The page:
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If I setup the two situations in the diagram below one where a scope is connected to the output of an SMPS, and one where a resistor is placed between the grounds of the scope and the supply (which is isolated). I notice that the switching spikes/ noise becomes more and more prominent as I increase the resistance.

The fact that signal degrades as the ground gets weaker isn't alarming, but I haven't got my head around which path this noise comes from as the ground connection falls away. Some insight would be appreciated!

enter image description here

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SMPS are notorious for poor CMRR due to stray pF leakage in the transformer. CM chokes in the primary are included to attenuate this. Scope probes are notorious for picking up radiated LdI/dt from a long ground wire inductance ESL~1nH/mm and response > 20MHz with the coax capacitance. Thus impedances are best to be low and matched.

As a single-ended 10:1 scope probe is not balanced, induced CM noise can be inverted to DM noise as a false reading.

When testing a power supply for accurate capture of the differential DC and spectrum, the best practice is to use;
a) AC coupled 1:1 coax 50 Ohm terminated DSO (negligible load for most DC power)
b) differential FET probes
c) 10:1 probe calibrated with coil spring probe for low ground ESR and ESL
d) differential balanced 10:1 probes in Math A-B for a DSO

I prefer method c) for quick results. This is a Tek accessory but can be made from resistor steel wire in a pinch. They use a copper-plated spring. Having the +/- test points within 1cm of the RF cap should give the best results.

enter image description here

If you want to measure the CM noise or Vcm and CM impedance from leakage caps, that is a different test from the above Vdm. Try to attenuate the CM noise by measuring with respect to AC gnd on the floating DC output, then shunt the probe with a known C to reduce the noise by 50% to estimate leakage impedance. Use 100pF to 1nF as a starting point with a 10M Probe and short ground lead.

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  • \$\begingroup\$ Tony, I like your option C (my default has been D) and I followed the link to your other answer, but I cannot visualize how you built it. Do you have a different picture? \$\endgroup\$ – P2000 Jul 14 '20 at 18:25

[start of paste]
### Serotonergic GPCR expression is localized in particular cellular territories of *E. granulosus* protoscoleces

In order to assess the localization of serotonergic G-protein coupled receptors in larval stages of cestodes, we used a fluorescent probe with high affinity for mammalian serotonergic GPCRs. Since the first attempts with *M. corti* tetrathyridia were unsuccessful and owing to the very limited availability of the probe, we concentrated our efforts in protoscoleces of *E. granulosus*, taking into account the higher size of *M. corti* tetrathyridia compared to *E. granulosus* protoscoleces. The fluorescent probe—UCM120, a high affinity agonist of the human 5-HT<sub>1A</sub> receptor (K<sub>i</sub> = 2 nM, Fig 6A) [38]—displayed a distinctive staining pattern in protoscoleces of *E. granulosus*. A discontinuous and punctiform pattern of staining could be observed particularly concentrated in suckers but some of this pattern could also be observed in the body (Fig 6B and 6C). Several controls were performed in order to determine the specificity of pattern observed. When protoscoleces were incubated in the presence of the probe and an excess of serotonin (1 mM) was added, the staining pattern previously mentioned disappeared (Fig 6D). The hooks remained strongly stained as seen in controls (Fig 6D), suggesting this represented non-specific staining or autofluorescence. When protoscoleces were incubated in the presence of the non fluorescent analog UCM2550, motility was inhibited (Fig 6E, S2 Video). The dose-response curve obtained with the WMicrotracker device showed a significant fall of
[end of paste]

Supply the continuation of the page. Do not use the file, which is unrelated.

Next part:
• \$\begingroup\$ No .pix is the purchased item, but if you can't wind something around a smaller drill bit. You can lean the ground ring to a short stub test point with R wire and via to pin. \$\endgroup\$ – Tony Stewart EE75 Jul 14 '20 at 18:45
  • \$\begingroup\$ Sorry I am still lost, and it remains interesting. Your circuit (in the linked post) shows an AC coupling capacitor and reads "BNC "T" connector on DSO with a small R 1/4W termination inserted in one port only with a 1:1 probe or coax BNC connector in the other port." Can you sketch it and upload a pic? I can't see the relation between this description and the current picture here. \$\endgroup\$ – P2000 Jul 14 '20 at 18:50
  • \$\begingroup\$ Oh that's option a) not c) ok \$\endgroup\$ – Tony Stewart EE75 Jul 14 '20 at 18:58
  • \$\begingroup\$ Use 100uF cap + to + supply then - to stripped Coax and use resistor wire wrapped around and solder tacked to coax shield without melting plastic (tin both ends 1st) then solder 50 R to a BNC plug and connect to one socket of BNC "T" . Make neat and add R wire test pins to board for quick connection. Secure it. If not plug. insert 1/4R 50 Ohm to T socket. i.stack.imgur.com/p3d64.jpg \$\endgroup\$ – Tony Stewart EE75 Jul 14 '20 at 19:21
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Most oscilloscopes connect the signal ground to the AC power lead ground. That gives it another path to ground that in your case will presumably connect to the power supply AC input probably that path has more switching noise.

To get a good trace on the scope you need a low resistance and low inductance path for the scope ground to the device under test. Even a 6-inch ground lead may be too long in some situations.

For the lowest noise connection, I often solder a coax cable directly to the device under test. This does, however, increase the capacitance loading compared to using a 10:1 probe.

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